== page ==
At the moment I’m involved in the Academy’s Chamber Orchestra, which has involved a fair bit of rehearsing in the past few days. The concert is on 25th March at 1pm, in the Academy Concert Hall, if you’re interested and want to come along. The programme is:
Mahler – Adagietto for strings
Elgar – Introduction and Allegro for strings and string quartet
Schumann – Cello Concerto in A minor (soloist: Duncan Strachan)
Beethoven – Piano Concerto No 3 in C minor (soloist: Hanna Choi)
Conductor: David Watkin
(The facebook event is here)
During rehearsals and whilst reflecting on the process of learning to be a better orchestral player, I came up with the idea of creating a (slightly tongue-in-cheek) ‘guide’ for musicians on how to play in an orchestra – for my first attempt, see below.
DISCLAIMER: I don’t want people (particularly musicians) to think I’m being obsessive or diva-esque – these are just comments from my own experience of playing in many different orchestras and ensembles and as such are not personal or directed at any individuals in particular)
Issues while rehearsing: (aka ways to annoy your fellow players!)
–Turning pages: it’s really annoying when your desk partner turns a page either far too late or too early, ie turning the page before you’ve had time to read to the end of said page, including any rests that come right before the turn (this is an issue particularly when you are leading a section and you need to *actually count* them!) I know I have been guilty of this in the past – sorry….
–Writing on music: sometimes, when you receive a part (eg from a hire library) it is so covered in pencil marks that you can’t actually read the music! Often hire libraries will try and remove as much as they can before they hire out the parts to another orchestra, but sometimes they don’t and it is a real pain to have to rub out everything the previous player has marked in. Also irritating is when players scrawl music with completely unnecessary marks (eg writing out the letter names above the stave!!) so that the music itself and printed tempo markings and bowings are completely obscured*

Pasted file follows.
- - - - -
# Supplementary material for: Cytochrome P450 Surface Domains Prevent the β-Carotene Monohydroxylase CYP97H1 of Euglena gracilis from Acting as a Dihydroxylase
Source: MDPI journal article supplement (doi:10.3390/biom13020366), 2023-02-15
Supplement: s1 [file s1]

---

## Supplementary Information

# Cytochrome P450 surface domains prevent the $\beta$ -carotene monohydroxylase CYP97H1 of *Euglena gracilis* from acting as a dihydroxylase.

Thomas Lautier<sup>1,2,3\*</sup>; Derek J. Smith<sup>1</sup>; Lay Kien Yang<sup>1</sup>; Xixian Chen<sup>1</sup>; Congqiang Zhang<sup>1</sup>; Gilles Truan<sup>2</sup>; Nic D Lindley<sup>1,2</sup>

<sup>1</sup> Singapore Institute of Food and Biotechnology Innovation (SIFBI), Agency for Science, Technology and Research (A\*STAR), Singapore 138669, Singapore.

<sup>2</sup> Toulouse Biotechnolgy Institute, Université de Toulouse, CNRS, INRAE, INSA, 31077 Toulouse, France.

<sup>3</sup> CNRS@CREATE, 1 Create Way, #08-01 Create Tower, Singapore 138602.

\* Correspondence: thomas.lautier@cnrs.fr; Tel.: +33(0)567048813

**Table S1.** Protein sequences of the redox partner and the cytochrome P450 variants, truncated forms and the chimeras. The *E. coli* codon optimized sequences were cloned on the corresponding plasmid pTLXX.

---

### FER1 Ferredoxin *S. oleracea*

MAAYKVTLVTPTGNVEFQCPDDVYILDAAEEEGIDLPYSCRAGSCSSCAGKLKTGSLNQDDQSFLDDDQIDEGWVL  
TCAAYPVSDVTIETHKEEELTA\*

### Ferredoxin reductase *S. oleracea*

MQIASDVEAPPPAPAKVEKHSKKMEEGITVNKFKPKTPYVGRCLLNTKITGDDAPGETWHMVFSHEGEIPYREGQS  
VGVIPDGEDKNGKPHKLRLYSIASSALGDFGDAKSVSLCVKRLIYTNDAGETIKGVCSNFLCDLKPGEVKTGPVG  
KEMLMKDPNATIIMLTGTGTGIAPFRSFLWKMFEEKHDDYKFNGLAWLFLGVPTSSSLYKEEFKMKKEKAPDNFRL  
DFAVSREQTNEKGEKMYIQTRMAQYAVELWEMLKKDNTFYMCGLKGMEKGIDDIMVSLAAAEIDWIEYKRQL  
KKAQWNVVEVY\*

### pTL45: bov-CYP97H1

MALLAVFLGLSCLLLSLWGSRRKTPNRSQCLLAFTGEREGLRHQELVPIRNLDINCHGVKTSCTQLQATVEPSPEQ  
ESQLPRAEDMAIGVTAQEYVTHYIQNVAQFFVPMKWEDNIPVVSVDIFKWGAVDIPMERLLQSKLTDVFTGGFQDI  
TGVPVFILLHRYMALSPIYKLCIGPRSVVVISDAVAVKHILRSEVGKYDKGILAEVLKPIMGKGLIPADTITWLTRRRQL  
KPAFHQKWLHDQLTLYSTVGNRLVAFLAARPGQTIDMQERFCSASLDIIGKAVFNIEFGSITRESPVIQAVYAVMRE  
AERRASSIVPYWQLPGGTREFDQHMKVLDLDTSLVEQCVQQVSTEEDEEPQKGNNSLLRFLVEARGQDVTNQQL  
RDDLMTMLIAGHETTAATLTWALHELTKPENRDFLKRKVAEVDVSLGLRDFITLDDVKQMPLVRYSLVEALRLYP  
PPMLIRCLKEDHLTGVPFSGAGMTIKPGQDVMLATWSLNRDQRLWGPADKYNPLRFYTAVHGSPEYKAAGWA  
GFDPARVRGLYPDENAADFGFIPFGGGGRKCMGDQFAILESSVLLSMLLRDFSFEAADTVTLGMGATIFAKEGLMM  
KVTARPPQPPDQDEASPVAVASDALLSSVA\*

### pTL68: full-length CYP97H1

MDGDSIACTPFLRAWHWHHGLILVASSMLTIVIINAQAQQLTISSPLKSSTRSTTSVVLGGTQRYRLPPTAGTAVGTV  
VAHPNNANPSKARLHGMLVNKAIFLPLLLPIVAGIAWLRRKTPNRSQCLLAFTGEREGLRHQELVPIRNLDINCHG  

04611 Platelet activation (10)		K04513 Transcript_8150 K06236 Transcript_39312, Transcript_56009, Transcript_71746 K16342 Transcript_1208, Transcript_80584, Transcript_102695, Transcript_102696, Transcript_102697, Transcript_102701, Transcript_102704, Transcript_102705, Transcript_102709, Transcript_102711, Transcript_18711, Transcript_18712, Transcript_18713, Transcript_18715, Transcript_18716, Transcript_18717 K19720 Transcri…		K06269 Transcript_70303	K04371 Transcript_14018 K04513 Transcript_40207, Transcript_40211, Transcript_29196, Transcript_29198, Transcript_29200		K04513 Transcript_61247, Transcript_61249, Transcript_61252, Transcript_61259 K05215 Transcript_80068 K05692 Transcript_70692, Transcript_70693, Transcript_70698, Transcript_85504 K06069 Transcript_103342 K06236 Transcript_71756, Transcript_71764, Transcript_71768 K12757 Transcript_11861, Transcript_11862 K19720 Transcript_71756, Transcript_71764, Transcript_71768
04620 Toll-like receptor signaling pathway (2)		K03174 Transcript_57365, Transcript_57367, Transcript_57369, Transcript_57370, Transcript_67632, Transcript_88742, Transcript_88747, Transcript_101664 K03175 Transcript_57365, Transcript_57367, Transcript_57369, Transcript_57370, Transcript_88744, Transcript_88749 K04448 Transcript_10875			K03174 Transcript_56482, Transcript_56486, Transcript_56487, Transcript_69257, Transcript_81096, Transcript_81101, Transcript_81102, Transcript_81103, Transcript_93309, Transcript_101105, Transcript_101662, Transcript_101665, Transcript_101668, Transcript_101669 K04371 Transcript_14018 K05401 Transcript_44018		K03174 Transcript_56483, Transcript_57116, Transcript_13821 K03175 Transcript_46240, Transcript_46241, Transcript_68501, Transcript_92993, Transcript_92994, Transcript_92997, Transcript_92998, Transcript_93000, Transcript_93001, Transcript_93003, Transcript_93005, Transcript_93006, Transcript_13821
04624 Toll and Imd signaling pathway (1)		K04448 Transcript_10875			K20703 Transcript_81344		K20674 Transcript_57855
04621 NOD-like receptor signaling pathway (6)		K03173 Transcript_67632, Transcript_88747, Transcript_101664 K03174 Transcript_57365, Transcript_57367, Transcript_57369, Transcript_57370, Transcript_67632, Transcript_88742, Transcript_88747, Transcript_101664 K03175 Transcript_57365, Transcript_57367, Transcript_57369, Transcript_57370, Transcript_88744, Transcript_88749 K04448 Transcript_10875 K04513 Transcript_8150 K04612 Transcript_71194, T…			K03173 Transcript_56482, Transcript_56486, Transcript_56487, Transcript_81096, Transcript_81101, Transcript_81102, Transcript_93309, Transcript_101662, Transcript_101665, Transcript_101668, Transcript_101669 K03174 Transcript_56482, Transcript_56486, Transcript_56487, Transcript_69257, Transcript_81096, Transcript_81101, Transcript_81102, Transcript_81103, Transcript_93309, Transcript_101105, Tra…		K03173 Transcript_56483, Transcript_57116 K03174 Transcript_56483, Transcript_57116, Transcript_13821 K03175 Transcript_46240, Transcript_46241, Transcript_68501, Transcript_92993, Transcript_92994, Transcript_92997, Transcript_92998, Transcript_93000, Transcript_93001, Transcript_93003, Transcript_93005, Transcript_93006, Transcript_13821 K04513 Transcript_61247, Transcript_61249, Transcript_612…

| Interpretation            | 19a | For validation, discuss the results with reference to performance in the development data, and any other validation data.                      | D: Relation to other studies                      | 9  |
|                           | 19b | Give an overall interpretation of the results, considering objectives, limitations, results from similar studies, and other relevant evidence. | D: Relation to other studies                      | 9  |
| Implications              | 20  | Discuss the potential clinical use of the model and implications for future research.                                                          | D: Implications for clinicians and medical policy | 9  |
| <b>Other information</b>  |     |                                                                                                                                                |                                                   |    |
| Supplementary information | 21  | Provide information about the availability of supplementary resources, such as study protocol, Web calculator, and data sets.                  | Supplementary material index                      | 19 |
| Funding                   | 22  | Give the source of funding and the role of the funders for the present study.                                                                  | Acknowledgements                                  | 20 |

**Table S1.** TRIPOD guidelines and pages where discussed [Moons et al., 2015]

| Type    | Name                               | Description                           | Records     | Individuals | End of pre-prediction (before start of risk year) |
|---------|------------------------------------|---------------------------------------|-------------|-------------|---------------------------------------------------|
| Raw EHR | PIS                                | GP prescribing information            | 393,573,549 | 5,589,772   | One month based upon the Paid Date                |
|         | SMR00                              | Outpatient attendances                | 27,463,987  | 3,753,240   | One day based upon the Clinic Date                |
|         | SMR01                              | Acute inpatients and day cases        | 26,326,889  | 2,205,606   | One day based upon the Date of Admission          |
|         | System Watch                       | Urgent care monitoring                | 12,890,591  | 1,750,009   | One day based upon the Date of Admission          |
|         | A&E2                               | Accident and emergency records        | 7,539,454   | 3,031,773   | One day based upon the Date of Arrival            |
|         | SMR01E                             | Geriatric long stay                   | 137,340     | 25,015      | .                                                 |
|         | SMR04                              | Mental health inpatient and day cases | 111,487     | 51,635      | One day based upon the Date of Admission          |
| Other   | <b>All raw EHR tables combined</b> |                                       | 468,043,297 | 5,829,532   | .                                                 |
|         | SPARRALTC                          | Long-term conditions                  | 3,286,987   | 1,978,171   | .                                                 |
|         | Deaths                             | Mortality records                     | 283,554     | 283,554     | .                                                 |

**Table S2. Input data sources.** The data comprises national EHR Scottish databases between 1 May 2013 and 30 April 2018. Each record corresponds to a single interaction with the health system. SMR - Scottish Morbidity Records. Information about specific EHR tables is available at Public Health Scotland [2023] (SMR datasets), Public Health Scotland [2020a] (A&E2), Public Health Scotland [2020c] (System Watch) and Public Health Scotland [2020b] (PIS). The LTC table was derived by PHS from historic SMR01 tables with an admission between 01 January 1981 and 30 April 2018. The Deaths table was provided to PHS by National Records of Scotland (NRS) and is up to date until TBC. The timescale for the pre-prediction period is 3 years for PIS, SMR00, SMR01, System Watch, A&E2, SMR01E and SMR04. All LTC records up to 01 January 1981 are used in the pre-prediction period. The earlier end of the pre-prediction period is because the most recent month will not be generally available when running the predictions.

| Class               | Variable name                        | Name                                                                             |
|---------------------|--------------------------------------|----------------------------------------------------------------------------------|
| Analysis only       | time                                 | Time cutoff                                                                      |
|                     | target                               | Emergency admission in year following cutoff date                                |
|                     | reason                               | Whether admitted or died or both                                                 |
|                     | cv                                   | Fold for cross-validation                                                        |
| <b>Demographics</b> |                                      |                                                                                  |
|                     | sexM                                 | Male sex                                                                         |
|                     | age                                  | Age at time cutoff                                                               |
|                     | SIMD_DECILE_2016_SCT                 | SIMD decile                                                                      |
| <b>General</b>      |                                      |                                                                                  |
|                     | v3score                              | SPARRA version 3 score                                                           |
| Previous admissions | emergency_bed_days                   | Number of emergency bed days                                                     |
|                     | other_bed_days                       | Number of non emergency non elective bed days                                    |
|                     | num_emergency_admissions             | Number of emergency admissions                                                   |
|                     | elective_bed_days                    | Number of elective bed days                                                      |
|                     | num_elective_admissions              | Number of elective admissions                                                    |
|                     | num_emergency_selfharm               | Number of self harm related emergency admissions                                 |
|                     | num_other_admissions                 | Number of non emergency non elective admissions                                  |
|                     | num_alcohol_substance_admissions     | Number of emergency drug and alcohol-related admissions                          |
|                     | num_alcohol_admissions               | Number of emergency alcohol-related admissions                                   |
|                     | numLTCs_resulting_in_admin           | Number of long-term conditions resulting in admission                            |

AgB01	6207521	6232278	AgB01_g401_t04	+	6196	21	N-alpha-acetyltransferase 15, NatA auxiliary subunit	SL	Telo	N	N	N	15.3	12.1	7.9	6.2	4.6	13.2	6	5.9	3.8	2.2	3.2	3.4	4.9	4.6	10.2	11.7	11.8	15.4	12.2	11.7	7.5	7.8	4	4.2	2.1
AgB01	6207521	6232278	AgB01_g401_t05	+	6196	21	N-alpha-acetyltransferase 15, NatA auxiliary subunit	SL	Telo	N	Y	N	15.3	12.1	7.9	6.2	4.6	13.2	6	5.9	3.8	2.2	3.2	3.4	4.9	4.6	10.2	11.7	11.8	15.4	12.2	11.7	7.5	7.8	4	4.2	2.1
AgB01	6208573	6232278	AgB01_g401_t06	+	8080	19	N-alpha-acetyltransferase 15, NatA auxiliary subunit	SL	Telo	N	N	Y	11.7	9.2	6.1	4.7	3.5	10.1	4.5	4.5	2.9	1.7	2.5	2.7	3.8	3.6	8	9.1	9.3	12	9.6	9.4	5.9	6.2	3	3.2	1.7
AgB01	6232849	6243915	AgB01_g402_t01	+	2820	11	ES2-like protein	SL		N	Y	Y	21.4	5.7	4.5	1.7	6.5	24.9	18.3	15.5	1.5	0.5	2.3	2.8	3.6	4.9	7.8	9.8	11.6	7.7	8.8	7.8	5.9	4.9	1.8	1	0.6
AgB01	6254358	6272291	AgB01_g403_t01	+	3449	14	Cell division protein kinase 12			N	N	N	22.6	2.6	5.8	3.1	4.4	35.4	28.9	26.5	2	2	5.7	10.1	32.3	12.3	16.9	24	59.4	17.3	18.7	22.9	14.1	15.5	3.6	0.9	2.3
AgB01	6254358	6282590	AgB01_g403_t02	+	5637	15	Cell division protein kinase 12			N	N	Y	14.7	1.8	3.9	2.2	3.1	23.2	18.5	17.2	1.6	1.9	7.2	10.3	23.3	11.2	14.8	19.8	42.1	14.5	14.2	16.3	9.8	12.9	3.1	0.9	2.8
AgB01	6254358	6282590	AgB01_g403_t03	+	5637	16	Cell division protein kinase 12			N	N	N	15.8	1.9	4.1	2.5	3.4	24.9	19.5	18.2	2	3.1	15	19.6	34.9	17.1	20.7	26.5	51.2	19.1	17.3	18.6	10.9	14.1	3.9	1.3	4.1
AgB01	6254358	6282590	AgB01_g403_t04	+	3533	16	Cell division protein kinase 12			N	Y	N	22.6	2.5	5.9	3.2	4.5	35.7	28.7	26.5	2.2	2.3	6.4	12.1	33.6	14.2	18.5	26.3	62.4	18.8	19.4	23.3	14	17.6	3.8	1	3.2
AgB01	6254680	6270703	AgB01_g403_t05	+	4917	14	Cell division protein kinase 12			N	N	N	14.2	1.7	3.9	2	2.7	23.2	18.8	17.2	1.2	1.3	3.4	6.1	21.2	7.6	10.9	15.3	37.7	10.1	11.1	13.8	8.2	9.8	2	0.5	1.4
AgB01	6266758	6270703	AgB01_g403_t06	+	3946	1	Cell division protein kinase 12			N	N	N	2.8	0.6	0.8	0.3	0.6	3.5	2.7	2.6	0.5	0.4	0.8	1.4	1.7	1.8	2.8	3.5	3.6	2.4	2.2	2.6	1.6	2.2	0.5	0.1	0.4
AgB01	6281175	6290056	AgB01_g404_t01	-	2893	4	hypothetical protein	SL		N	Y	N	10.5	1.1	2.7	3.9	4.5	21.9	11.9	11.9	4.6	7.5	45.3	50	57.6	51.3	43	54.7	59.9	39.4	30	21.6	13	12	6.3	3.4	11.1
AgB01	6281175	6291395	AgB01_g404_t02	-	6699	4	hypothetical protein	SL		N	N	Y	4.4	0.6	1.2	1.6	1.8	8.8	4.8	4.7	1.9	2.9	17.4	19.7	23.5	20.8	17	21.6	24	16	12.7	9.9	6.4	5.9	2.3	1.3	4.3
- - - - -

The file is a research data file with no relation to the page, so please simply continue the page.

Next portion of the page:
*This can also be quite funny, for example when players write their desk partners little messages on the music during a boring rehearsal, or encourage each other to play confidently (I’ve seen things like ‘you can do it!’ or ‘DON’T PANIC!!’ 😀 )
Sellenger's Round (cartoon is at the bottom left hand side)
- “Sellenger’s Round” cartoon closeup – stingy!!
These pictures show a cartoon drawn by a player on the music – the piece is called ‘Sellenger’s Round’ and I suppose the thought of the pub after the rehearsal was uppermost in the doodler’s mind when imagining what Sellenger’s round would look like 😀
–Counting rests out loud (very loudly and *at* your desk partner): no further comment needed… Just don’t…
–Tuning (or playing) your instrument while the conductor is trying to say something important/people are rehearsing – there are times when this is necessary eg when your instrument goes out of tune in a hot room, but there are times when it isn’t!
There are also some guaranteed ways to make your colleagues in the orchestra laugh at you (again, I’m guilty of some of these):
–Playing really loudly when it is marked pp or ppp and everybody else in the orchestra is quiet – I do this quite often, especially whilst sight reading, and it makes me cringe every time I do it!
–Playing loudly during a G.P. (= General Pause) when the whole orchestra is silent. This is often called a “mars bar moment” by conductors – so-called as the person who spoils the silence gets an ironic ‘prize’ eg a mars bar; another version is that the person who is responsible should buy the other players a round in the pub afterwards…
–Playing the wrong notes repeatedly when the conductor asks you to play the right notes (this often makes me giggle- sorry wind/brass players, I know transposing at sight can be hard! :P)
That’s all I can think of now… Goodnight!